The misconceptions about marketing have been around for a very long time and are not about to go away; quite the reverse – they are probably growing. They are clouding the ability of many organizations to compete successfully, not least in a world characterised by a need to be more sustainable. But those same misconceptions are also hindering the ability of many sustainability practitioners and advisors to understand the pivotal role that marketing has to play in sustainable strategy development.
Businesses that are customer-focused, and use insights about the marketplace that are constantly updated, tend to be more successful, long-lasting and profitable than those that are driven by a focus on short-term sales. The concept of meeting the needs of selected groups of customers in a superior manner to competitors lies at the heart of marketing, as classically understood. This is how it is still taught at business school and in professional qualifications.
This strategic role is one that is still recognised and practised by many of the most successful organizations in the world, most obviously by the FMCG (fast-moving consumer goods) giants, such as Procter & Gamble, Unilever, Coca-Cola, Pepsico, etc. In a majority of organizations, particularly, for instance, in BTB (business-to-business) companies, most of the financial sector and the public sector, this is an alien concept, however.
Marketing has always had a problem with its conflation with sales; its more recent problem is an increasing conflation with communications, however. The responsibility for marketing communications activity is normally a vital one for a marketing function, but in too many organizations it is now the only one. The growing complexities and choices available in digital and social media have also meant that much resource is needed to deal with them.
Marketing communications undoubtedly has (potentially, at least) a vital strategic component: many brands have been built upon the success of their communications platform – historically very often in the form of a compelling proposition, delivered by a highly creative vehicle, via mass media. Much communications activity is tactical, however, and a belief that communications is all that marketing is about in any case ignores the other critical components of the marketing mix and the broader strategic thinking behind them.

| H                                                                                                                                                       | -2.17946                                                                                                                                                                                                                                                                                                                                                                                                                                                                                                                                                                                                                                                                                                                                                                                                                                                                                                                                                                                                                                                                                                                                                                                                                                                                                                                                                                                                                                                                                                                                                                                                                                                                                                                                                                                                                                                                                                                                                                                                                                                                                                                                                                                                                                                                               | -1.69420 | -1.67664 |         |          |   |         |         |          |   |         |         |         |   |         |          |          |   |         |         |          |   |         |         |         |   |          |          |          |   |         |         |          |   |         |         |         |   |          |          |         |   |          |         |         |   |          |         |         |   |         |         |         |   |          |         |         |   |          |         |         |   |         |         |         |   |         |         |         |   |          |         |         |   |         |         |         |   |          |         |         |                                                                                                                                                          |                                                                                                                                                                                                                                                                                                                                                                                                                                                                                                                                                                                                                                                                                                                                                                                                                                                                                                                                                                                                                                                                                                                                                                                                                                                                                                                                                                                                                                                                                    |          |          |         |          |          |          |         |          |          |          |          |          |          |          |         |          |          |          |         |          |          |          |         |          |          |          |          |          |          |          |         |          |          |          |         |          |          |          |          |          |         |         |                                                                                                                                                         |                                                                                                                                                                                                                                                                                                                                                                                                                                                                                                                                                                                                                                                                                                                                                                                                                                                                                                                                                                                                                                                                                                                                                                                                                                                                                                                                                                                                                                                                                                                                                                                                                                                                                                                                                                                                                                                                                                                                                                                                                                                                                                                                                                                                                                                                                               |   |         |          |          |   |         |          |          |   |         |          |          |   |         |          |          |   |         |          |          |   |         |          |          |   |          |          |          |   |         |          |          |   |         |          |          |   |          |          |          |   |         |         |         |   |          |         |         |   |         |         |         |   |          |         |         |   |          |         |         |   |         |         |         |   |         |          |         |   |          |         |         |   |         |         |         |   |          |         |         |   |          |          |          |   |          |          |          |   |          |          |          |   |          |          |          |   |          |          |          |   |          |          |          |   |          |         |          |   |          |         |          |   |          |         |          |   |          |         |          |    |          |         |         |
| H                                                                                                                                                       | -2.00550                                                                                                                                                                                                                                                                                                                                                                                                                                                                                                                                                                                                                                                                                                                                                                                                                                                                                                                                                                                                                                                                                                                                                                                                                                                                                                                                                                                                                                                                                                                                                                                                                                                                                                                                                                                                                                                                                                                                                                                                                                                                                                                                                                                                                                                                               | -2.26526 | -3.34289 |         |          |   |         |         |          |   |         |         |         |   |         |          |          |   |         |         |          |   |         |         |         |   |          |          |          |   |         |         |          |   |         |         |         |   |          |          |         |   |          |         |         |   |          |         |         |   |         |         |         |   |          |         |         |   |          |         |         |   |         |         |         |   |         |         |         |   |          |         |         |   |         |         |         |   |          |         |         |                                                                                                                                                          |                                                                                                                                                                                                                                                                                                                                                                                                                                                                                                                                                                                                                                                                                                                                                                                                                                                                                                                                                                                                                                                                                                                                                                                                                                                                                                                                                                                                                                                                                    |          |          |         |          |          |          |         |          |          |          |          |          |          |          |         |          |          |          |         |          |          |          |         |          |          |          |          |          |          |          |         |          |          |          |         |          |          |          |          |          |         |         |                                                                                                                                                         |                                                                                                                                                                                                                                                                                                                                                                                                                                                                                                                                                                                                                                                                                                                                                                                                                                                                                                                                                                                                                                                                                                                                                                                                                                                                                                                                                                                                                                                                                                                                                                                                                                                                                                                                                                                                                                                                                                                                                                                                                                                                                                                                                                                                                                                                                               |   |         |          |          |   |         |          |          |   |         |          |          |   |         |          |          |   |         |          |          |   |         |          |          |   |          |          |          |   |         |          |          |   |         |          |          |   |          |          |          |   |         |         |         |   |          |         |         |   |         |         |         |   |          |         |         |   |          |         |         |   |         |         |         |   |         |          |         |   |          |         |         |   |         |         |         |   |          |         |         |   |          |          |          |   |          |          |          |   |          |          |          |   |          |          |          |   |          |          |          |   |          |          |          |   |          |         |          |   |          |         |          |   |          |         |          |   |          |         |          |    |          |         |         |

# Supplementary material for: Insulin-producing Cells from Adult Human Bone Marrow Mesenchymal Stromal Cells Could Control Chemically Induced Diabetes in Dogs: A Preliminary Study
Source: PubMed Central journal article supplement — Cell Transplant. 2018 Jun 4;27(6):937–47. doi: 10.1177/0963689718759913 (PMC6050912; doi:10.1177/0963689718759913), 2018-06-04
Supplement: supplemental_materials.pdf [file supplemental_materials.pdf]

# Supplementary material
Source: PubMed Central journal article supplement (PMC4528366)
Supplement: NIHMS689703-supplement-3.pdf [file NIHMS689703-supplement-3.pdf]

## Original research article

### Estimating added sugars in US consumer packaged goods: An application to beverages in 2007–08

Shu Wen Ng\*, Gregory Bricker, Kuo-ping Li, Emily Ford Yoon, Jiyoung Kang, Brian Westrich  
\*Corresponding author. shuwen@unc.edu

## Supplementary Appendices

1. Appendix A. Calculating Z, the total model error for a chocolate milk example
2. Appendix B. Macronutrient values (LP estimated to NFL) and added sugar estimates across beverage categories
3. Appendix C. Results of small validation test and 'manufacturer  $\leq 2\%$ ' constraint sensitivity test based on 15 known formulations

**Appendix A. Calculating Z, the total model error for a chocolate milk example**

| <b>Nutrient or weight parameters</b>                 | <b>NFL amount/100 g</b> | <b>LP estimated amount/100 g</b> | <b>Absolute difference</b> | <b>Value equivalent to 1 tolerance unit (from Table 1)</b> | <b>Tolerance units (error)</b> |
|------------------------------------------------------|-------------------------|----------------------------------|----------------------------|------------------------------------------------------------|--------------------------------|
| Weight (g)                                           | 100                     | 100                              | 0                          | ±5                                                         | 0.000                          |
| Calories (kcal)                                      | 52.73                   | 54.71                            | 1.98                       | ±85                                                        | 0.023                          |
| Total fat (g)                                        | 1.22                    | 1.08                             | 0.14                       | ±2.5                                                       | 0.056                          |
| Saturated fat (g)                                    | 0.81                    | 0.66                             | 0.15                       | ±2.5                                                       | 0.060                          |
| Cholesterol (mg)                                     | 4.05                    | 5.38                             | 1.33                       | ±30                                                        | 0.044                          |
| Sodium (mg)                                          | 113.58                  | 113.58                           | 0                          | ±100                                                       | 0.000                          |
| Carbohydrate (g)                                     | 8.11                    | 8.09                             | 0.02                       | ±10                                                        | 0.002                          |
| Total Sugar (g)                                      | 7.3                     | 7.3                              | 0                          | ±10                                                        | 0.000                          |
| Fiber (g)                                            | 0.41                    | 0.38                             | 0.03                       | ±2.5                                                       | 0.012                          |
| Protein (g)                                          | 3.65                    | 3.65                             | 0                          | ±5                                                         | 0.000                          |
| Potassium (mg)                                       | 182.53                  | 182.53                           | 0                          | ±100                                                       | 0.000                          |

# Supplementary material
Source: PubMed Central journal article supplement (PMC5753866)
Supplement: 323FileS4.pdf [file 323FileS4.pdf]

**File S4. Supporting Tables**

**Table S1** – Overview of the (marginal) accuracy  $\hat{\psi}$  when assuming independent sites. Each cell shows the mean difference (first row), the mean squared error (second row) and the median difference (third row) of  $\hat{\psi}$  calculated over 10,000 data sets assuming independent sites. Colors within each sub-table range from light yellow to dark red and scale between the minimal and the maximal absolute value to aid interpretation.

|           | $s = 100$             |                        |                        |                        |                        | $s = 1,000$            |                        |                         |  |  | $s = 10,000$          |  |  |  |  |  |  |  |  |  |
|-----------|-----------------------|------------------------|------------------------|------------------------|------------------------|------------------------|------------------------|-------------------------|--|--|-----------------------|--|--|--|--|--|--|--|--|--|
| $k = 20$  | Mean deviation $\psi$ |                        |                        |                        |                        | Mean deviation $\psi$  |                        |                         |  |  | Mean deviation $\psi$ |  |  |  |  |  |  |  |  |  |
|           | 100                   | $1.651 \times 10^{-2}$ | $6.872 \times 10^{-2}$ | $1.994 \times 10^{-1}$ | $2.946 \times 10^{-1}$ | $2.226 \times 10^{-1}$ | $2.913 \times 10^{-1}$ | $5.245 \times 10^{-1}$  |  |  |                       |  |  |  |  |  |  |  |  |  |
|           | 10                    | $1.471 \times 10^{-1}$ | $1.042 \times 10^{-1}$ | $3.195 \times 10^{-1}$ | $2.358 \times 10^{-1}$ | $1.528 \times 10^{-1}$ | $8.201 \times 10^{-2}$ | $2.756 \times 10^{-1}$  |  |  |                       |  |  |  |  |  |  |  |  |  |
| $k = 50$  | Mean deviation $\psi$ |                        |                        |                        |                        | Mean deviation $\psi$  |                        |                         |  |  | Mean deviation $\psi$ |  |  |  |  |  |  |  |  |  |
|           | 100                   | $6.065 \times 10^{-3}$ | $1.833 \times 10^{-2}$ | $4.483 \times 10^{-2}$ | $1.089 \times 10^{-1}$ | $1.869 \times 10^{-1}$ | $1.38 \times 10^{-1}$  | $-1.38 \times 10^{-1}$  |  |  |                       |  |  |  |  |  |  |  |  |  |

The responsibility for developing insights from the broad environment, the marketplace and the customer; for segmenting that marketplace via relevant criteria; for developing a viable brand positioning; for creating innovative solutions to customer needs via new and improved products and services; and for developing strategies and plans for packaging, pricing, distribution – and, yes – communications, are all part of a strategic marketing role.
It is hard to think of another organizational discipline where there is such a wide interpretation of its role and responsibilities, nor such a confusion as to its fundamental purpose. It has to be said that neither marketing practitioners themselves, nor their professional bodies, have done a very good job of clarifying this confusion: a profound irony, if ever there was one. It is hardly surprising, however, when combined with the reluctance of most marketing people to become immersed in sustainability issues, that there is such a misunderstanding as to marketing’s most appropriate and beneficial role in sustainability development.
There is something rather depressing, but also faintly amusing, in the comments from some sustainability practitioners that observing and listening to consumers, feeding consumer insights back into the innovation process, balancing sustainability factors with other benefits in developing propositions, using the brand as the focus for strategy development, etc. are in some way revelatory discoveries. The only area that marketers are universally perceived to have expertise in is, unsurprisingly, that of persuading consumers to change their behaviour.
Until these misunderstandings are addressed by marketers demonstrating the relevance of their discipline to the development of sustainability strategies, and those working in sustainability broaden their understanding of marketing, the enormous task at hand will be held back. Fortunately, we are beginning to see in pioneering companies such as Procter & Gamble and SC Johnson, some good exemplars.